In a controversial piece recently published by the Peterson Institute for International Economics, Anders Aslund illustrates how the problem with Greece’s adjustment programme was not excessive austerity but rather a slow pace of fiscal consolidation, matched by too few reforms. In his own words, “Latvia did far more than Greece in structural reforms, because the correlation between fast fiscal adjustment and structural reform is strong. On the latest World Bank Ease of Doing Business Index [pdf], Latvia ranks 23, while Greece ranks 61, as the country with the very worst business environment in the European Union together with Cyprus and Croatia.”
Aside from the fact that Malta is also a member of the European Union and ranks 94th on the above mentioned index, what I contend is that when measuring reform effort what should be looked at is not the current position of a country on a competitiveness ranking, but rather by how much it has improved during the programme’s admittedly limited time frame.
When reading structural reform effort through these lenses, one sees that Greece has made significant progress, climbing almost 50 positions over five years, from its 109th place in 2008-09. Given that Latvia is apparently the benchmark, it must be noted that the country was already ranking very well in 2008-09 (30th worldwide) and improved moderately since then. In its 2014 Report, the World Bank itself using slightly more sophisticated metrics identifies Greece as one of the top broad reformers worldwide (8th to be precise).
As rankings are affected also by the relative performance of others, the chart below looks at the World Bank doing business score (on a scale from 1-100) for selected EU countries. As noted by Mr Aslund, Greece is indeed at the lower end of the spectrum, whereas Denmark outperforms its European partners (4th worldwide and 1st in the EU in the 2015 Doing Business report).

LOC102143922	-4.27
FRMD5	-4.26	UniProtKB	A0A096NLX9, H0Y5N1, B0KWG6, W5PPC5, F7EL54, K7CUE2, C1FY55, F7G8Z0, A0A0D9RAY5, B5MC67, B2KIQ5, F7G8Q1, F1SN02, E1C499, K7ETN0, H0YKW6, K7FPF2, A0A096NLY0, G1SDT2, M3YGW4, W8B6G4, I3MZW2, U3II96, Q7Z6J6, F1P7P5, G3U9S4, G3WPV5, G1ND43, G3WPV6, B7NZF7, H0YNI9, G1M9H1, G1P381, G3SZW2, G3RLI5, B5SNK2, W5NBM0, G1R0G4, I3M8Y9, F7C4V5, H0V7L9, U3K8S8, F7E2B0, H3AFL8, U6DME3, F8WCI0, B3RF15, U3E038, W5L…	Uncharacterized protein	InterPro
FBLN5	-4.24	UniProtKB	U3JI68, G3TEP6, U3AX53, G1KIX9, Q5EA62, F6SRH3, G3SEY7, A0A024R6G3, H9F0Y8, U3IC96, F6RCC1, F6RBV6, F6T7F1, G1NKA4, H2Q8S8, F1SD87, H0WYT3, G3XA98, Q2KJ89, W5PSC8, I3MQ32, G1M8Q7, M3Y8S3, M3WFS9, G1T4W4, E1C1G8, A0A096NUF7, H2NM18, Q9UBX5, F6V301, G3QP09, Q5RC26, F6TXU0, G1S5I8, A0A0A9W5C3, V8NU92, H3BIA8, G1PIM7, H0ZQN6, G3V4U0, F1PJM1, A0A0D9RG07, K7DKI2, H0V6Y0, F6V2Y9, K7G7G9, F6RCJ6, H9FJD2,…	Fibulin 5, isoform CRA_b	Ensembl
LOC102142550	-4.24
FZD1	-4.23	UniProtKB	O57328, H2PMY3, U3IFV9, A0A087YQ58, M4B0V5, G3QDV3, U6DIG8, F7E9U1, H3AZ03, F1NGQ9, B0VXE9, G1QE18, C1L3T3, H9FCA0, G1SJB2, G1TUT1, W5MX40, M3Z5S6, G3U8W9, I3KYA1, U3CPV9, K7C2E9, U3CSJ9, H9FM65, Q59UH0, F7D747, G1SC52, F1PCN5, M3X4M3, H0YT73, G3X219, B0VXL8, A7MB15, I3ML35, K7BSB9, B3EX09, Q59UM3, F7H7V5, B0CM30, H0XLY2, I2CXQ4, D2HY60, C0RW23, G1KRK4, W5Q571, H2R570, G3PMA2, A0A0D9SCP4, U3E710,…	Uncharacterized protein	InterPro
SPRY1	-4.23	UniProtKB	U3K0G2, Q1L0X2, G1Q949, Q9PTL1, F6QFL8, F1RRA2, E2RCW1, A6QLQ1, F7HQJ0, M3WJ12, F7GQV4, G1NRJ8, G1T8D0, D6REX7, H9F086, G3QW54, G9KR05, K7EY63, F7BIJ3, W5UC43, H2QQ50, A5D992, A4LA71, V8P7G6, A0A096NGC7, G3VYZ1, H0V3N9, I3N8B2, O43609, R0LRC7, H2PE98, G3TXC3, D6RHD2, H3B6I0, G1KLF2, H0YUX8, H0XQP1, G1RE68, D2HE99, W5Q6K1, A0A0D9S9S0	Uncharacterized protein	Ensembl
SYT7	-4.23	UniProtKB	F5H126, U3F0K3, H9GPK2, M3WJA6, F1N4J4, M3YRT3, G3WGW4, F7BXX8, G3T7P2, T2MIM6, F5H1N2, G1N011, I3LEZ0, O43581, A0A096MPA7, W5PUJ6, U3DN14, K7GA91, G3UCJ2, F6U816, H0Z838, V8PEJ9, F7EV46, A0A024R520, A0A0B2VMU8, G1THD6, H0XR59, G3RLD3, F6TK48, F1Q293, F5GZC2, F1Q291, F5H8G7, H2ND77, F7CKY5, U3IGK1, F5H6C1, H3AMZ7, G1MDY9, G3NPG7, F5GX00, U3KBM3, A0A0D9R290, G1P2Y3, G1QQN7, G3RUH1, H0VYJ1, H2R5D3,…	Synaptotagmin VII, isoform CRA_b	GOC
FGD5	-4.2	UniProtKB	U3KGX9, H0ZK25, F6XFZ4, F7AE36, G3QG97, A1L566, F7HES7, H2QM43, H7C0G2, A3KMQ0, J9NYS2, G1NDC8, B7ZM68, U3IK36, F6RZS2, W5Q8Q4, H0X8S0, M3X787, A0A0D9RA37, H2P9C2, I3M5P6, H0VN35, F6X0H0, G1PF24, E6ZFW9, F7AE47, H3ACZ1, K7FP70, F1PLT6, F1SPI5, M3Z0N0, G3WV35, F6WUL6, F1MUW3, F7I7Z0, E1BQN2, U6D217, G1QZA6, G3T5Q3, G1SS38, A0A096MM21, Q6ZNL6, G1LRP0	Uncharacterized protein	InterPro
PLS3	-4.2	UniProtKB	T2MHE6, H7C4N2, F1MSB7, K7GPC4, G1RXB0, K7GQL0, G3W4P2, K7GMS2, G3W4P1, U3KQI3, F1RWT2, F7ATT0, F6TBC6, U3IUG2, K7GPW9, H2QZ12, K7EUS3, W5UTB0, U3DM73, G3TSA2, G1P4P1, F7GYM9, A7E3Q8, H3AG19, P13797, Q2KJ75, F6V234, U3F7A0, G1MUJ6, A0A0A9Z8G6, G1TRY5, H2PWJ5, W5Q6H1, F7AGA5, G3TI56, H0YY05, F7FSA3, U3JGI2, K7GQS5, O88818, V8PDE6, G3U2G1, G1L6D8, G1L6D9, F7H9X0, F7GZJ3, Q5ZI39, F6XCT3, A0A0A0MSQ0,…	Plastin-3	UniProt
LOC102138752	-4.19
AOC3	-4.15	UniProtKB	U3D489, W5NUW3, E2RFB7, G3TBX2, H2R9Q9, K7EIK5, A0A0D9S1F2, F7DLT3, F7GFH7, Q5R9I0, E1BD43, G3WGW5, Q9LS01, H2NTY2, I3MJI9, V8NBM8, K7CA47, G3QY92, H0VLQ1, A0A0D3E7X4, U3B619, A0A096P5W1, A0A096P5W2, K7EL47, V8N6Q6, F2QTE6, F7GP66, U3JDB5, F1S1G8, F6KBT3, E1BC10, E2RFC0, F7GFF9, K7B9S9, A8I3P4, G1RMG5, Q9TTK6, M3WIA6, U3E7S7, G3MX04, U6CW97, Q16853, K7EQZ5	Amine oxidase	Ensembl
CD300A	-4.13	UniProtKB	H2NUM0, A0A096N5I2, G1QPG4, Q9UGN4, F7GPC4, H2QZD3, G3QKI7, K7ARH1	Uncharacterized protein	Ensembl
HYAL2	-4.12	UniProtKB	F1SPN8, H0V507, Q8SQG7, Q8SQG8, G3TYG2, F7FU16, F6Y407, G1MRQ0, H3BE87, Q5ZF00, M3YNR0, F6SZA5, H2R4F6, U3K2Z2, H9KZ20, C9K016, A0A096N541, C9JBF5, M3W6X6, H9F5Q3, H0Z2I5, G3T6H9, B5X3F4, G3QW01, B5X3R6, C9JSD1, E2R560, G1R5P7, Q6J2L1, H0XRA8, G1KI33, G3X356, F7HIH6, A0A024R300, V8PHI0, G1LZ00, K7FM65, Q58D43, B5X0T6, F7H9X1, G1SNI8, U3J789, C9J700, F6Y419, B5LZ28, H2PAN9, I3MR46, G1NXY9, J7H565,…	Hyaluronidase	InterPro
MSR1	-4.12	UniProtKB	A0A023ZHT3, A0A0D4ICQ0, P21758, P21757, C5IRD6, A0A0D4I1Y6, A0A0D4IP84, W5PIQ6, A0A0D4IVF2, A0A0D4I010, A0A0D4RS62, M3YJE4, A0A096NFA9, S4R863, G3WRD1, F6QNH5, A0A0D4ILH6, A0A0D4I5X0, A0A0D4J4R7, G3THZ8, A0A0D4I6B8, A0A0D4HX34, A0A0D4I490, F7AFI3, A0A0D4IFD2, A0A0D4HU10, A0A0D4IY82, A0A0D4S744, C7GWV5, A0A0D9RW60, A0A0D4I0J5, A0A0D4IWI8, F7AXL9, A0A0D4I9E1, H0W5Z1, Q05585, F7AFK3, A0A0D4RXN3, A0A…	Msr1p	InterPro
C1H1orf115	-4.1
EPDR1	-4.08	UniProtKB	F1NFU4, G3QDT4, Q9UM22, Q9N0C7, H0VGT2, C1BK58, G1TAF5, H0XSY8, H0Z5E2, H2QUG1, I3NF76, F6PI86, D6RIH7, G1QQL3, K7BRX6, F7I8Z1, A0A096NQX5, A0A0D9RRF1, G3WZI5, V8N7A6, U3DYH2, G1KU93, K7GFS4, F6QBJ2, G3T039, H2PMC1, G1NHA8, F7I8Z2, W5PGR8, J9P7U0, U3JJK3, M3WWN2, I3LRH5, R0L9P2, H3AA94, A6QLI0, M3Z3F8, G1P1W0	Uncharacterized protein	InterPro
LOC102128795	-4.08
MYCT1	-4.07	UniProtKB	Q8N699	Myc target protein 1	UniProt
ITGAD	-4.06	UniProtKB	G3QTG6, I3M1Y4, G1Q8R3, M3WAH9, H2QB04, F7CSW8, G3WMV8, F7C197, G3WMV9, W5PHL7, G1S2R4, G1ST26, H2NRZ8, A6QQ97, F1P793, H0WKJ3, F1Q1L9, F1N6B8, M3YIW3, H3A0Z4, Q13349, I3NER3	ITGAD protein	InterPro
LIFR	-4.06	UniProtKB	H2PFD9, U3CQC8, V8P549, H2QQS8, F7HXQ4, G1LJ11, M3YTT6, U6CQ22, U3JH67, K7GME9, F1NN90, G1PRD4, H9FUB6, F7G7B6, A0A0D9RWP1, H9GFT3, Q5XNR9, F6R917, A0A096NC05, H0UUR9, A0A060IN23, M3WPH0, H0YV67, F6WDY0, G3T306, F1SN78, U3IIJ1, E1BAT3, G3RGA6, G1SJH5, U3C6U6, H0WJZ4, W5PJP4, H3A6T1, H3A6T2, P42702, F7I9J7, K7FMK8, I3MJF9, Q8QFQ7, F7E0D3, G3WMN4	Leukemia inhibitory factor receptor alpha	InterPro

As can be seen, Greece has improved its ease of doing business in line with Portugal, and more than Italy or Spain over the same period. This is particularly noteworthy as, at the same time, Greece was the country experiencing the most severe economic downturn and reforms usually involve some sort of initial fiscal cost of implementation.
Source: World Bank Doing Business
Hitherto, I have looked at the World Bank Doing Business data in a principle of continuity with the PIIE article. However, these findings are not limited to this index. A crosscheck with internationally recognised indicators of competitiveness confirms the finding that Greece has been undertaking significant reforms. As a further example, in its commentary to the latest release of its Product Market Regulation index, the OECD notes: “Even though there was little progress on average in the OECD, several countries implemented important reforms over the past five years [...]. The country with the largest improvement overall is Greece, followed by Poland, Portugal and the Slovak Republic”.
In terms of labour market reforms, as measured by the Employment Protection Legislation index of the OECD, Greece has indeed progressed less than Portugal (but more than Spain). However, this might be due to the fact that Greece needed to carry out fewer reforms under this heading, as it now stands broadly in line with the OECD’s EPL average, whereas Portugal remains well above.
Clearly, the latest competitiveness rankings do matter in so far as they illustrate how further and significant progress is yet to be made. However, it would be naïve to believe that a country with admittedly limited administrxative capacity, high corruption levels, political instability, and severe spending constraints could achieve top scores like Denmark or Latvia overnight. Possibly it’s also thanks to these reforms that Greece has returned to growth in 2014 -- and this is something also the new Greek government should acknowledge, before hastily unravelling the efforts of the past.
This article was first published by Bruegel and is reproduced here with permission.
 Note that the timing of the World Bank reports is such that DB2010 incorporates reforms taken over the period 2008-09, and similarly DB2015 (released in October 2014) covers the period 2013-14.
 As recognised by the OECD in Chapter 1 of its Going for Growth Report (2009), certain reforms require permanent restructuring of public budgets, such as frontloading cuts in revenue or spending increases.